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Lewis : immolo

immolo immŏlo (inm-), āvi, ātum, 1, v. a. inmola. Orig., to sprinkle a victim with sacrificial meal (mola salsa): olim hostiae immolatae dicebantur mola salsa tactae, cum vero ictae et aliquid ex illis in aram datum, mactatae dicebantur, Serv. ad Verg. A. 4, 57.—So only in one other example in Cato: boves immolati, Cato ap. Serv. Verg. A. 10, 541.—Far more freq. and class., Transf., to bring as an offering, to offer, sacrifice, immolate (cf. macto): ego hodie dis meis iratissumis sex agnos immolavi, Plaut. Poen. 2, 5: Musis bovem immolasse dicitur, Cic. N. D. 3, 36, 88: bovem Dianae, Liv. 1, 45, 7; cf.: Dianae vitulum, Cic. Inv. 2, 31, 94: hostias, id. Tusc. 3, 26, 63: animalia capta, Caes. B. G. 4, 17. 3: agnum, Hor. C. 4, 11, 7: aut pro victimis homines immolant aut se immolaturos vovent, Caes. B. G. 4, 16, 2: homines, Cic. Rep. 3, 9; id. Front. 10, 21: filiam, Quint. 3, 11, 6: puerum, Plin. 8, 22, 34, § 82: qui hominem immolaverint, exve ejus sanguine litaverint, etc., Paul. Sent. 5, 23, 16: porca, quae Cereri immolatur, Veran. ap. Paul. ex Fest. p. 250 Müll.—Absol.: cum Sulla immolaret ante praetorium, Cic. Div. 1, 33, 72: nemo nostrum est, quin, etiam cum de alia re immolaret, tamen, etc., Caecin. ap. Cic. Fam. 6, 7, 2: cum immolanti aufugisset hostia, Suet. Caes. 59; 18; id. Aug. 95.—Pass. impers.: cum pluribus dis immolatur, Civ. Div. 2, 17, 38.—With abl. of the offering: quibus hostiis immolandum cuique deo, cui majoribus, cui lactentibus, etc., Cic. Leg. 2, 12, 29: itaque Jovi tauro, verre, ariete immolari non licet, Capit. ap. Macr. S. 3, 10, 3; cf. ib. § 4.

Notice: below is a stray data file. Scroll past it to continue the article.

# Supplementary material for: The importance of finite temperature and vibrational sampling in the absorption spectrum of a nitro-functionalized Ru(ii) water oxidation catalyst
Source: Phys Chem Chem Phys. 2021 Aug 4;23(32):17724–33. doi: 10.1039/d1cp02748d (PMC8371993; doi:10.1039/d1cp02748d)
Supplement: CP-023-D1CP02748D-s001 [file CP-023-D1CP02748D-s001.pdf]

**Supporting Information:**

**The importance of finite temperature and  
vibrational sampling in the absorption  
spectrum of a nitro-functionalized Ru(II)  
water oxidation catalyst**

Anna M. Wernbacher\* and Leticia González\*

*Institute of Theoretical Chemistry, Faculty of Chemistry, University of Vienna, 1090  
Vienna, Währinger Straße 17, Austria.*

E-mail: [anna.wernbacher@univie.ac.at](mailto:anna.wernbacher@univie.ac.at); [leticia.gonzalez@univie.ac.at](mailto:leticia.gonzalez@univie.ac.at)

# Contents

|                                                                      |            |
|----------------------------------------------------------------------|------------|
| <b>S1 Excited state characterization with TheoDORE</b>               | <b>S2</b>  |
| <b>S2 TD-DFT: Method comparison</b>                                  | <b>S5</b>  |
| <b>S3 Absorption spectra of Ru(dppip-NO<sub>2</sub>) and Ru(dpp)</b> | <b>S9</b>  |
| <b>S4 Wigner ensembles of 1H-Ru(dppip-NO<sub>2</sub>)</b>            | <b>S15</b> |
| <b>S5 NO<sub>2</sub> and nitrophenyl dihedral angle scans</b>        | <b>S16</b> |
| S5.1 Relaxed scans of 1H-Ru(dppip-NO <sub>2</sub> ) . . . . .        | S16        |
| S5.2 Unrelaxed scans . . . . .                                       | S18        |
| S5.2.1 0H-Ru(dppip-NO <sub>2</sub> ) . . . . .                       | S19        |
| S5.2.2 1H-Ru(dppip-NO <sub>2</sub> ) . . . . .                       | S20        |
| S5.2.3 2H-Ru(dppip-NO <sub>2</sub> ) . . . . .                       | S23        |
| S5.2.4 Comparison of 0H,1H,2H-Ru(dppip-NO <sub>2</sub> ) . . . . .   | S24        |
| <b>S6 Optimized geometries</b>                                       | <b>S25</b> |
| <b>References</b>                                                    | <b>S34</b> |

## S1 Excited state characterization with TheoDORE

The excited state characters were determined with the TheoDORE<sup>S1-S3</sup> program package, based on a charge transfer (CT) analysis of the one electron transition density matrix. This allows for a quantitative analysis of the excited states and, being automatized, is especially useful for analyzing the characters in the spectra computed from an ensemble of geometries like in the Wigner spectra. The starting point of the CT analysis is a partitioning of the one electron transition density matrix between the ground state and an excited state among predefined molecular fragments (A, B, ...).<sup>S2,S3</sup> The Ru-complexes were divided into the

Poet., in a still more general sense, to sacrifice, slay: Pallas te hoc vulnere, Pallas Immolat, Verg. A. 12, 949: inferias quos (juvenes) immolet umbris, id. ib. 10, 519; Phaedr. 4, 6, 10.

(Eccl. Lat.) To present as an offering, render: humilitatem animae suae deo, Tert. Cult. Fem. 2, 9: paenitentiam deo, id. Pudic. 10: cui populus suffragiis immolat, does homage to, id. de Anim. 33.